Senate seeks extra funds to aid professional development

Tim Sampson and Tim Sampson

The Graduate Student Senate will be seeking an extra $15,000 next year to fund an increasingly popular program aimed at advancing the careers of graduate students.

On Friday, the GSS presented its planned budget for the 2007-08 academic year proposing a 50 percent increase in funding for its professional development program.

The program awards funds to individual graduate students in order to help them cover the cost of attending academic meetings and conferences.

The $30,000 being sought would account for nearly 60 percent of the GSS’s total budget next year.

The program is in need of additional funding because of its increased popularity, said Luke Nichter, GSS vice president. The program has gone from receiving 50 applicants a semester two years ago to 131 this past semester.

‘The reason why the number has gone up, not down, is because of the success of the program,’ Nichter said.

With the increase in student applicants, GSS has been stretching current funds to their limit.

‘The maximum that a grad student can ask for is $250,’ Nichter said. ‘But now it’s hard to get more than $50 because it’s such a popular source of money.’

With academic conferences sometimes costing hundreds of dollars to attend, the senate hopes that increasing the amount of funding will allow more students to attend such events, according to Linh Nguyen, GSS treasurer.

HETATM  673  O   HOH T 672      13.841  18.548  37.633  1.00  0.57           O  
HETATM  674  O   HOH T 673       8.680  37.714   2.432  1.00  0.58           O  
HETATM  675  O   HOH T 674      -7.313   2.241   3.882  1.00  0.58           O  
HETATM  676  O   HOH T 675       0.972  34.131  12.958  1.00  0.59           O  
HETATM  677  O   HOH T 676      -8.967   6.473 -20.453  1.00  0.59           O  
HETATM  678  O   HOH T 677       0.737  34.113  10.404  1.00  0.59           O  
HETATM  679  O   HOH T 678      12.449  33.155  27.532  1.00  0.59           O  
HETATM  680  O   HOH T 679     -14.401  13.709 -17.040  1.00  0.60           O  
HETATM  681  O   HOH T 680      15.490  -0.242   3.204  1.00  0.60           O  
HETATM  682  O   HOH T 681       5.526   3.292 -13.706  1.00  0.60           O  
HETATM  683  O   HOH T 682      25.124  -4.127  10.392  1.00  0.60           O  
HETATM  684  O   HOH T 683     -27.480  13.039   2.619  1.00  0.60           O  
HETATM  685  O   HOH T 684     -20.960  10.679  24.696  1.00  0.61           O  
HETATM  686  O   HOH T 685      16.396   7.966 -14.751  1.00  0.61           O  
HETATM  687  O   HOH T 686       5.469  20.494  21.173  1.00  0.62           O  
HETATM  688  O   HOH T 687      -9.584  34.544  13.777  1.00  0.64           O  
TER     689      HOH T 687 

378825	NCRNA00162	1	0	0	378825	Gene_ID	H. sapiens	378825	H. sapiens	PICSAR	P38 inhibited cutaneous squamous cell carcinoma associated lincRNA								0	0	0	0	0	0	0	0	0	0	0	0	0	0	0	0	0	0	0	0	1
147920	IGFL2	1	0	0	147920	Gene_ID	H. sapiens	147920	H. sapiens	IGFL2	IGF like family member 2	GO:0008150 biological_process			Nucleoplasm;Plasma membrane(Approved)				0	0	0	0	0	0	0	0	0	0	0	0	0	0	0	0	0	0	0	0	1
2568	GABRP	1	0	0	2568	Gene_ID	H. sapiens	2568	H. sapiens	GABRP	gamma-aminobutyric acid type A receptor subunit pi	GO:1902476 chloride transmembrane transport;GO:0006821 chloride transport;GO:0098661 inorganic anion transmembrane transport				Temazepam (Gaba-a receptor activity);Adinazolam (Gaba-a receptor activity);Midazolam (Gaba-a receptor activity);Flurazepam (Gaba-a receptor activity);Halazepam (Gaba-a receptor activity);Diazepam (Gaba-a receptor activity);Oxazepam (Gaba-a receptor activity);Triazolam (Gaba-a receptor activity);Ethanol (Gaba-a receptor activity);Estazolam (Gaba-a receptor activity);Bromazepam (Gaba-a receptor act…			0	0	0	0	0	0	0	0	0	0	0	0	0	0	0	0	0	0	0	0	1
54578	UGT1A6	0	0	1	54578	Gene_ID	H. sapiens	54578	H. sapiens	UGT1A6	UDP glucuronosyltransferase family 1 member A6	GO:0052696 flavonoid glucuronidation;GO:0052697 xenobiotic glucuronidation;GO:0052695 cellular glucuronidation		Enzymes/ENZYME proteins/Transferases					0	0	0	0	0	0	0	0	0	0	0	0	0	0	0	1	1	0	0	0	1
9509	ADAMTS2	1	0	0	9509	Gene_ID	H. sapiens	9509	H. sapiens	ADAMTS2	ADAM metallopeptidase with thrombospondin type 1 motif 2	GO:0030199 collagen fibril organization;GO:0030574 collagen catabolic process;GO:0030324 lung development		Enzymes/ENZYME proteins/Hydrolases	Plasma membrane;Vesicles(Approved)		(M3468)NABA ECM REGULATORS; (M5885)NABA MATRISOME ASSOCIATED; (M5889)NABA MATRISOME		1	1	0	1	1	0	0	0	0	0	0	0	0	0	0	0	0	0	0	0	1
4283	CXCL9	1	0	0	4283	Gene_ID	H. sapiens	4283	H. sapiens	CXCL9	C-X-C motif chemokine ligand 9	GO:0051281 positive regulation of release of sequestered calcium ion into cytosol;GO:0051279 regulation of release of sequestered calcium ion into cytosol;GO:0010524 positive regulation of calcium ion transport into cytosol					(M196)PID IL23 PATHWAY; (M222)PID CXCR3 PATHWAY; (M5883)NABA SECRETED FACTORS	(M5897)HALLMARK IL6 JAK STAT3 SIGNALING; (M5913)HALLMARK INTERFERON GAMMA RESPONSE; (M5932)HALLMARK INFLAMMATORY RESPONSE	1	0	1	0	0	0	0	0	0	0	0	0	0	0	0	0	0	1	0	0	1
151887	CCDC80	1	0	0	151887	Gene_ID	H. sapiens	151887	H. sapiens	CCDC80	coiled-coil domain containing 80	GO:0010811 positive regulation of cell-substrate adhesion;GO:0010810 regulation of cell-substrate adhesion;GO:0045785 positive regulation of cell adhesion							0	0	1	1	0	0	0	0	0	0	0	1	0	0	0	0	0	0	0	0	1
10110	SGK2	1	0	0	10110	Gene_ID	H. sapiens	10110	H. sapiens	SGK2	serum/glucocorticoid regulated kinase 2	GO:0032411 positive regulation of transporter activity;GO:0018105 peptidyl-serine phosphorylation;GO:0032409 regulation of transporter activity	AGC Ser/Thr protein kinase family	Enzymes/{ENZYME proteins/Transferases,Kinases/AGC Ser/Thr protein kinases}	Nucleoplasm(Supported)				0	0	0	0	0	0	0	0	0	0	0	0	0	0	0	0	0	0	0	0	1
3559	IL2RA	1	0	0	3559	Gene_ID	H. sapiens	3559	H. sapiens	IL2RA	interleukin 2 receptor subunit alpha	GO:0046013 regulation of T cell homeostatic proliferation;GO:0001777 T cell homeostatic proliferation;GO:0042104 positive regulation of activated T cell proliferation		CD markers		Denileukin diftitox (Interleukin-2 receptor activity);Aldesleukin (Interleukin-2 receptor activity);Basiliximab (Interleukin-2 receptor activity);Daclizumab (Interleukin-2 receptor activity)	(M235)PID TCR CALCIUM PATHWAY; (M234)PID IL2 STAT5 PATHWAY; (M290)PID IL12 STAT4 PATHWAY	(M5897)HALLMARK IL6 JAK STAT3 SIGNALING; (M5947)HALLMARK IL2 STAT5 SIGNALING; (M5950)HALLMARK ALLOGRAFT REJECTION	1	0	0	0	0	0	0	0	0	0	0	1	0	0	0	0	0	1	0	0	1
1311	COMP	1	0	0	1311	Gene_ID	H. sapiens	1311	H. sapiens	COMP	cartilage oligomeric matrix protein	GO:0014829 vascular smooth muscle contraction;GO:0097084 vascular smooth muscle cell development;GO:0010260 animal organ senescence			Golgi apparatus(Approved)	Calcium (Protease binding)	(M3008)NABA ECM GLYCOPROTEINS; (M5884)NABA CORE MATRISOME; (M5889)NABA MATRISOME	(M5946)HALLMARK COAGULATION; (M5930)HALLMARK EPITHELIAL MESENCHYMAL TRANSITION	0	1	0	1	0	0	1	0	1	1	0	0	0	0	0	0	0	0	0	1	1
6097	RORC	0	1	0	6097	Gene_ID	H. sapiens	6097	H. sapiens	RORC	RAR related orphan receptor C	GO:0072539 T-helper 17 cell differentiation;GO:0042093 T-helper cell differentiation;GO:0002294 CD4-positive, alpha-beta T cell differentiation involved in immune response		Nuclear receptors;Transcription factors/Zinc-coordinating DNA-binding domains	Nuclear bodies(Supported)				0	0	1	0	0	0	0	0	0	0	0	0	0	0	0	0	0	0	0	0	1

‘We want to be able to give students more,’ Nguyen said. ‘It’s difficult to take part in some of these activities and conferences when you’re only given $50 and it’s going to cost you $600.’

Even though the budget request still has to be approved by the Student Budget Committee and the dean of students, Nguyen is confident the increase will go through.

‘We think we’ve made a sound argument for it,’ she said.

Although a 50 percent increase may seem like a lot, according to Nichter, the GSS has often had to ask for additional funds beyond the initial $15,000.

‘In the past we requested the smaller number of $15,000 and then asked for supplemental funding throughout the year,’ he said. ‘This time we’re just putting it all on there on one page, so it seems bigger than it really is.’

At the GSS meeting on Friday, Heinz Bulmahn, graduate college dean, addressed members about the importance of professional development as well as its financial challenges.

‘Finding support to cover educational cost used to be a problem for undergraduate students,’ Bulmahn said. ‘But now it’s a growing problem for grad students as well.’

According to Nguyen, it’s important for graduate students to be able to attend conferences to advance their careers.

‘Attending conferences and workshops is a big part of developing a career, and hopefully this increase will do more to help provide them with the necessary funding,’ she said.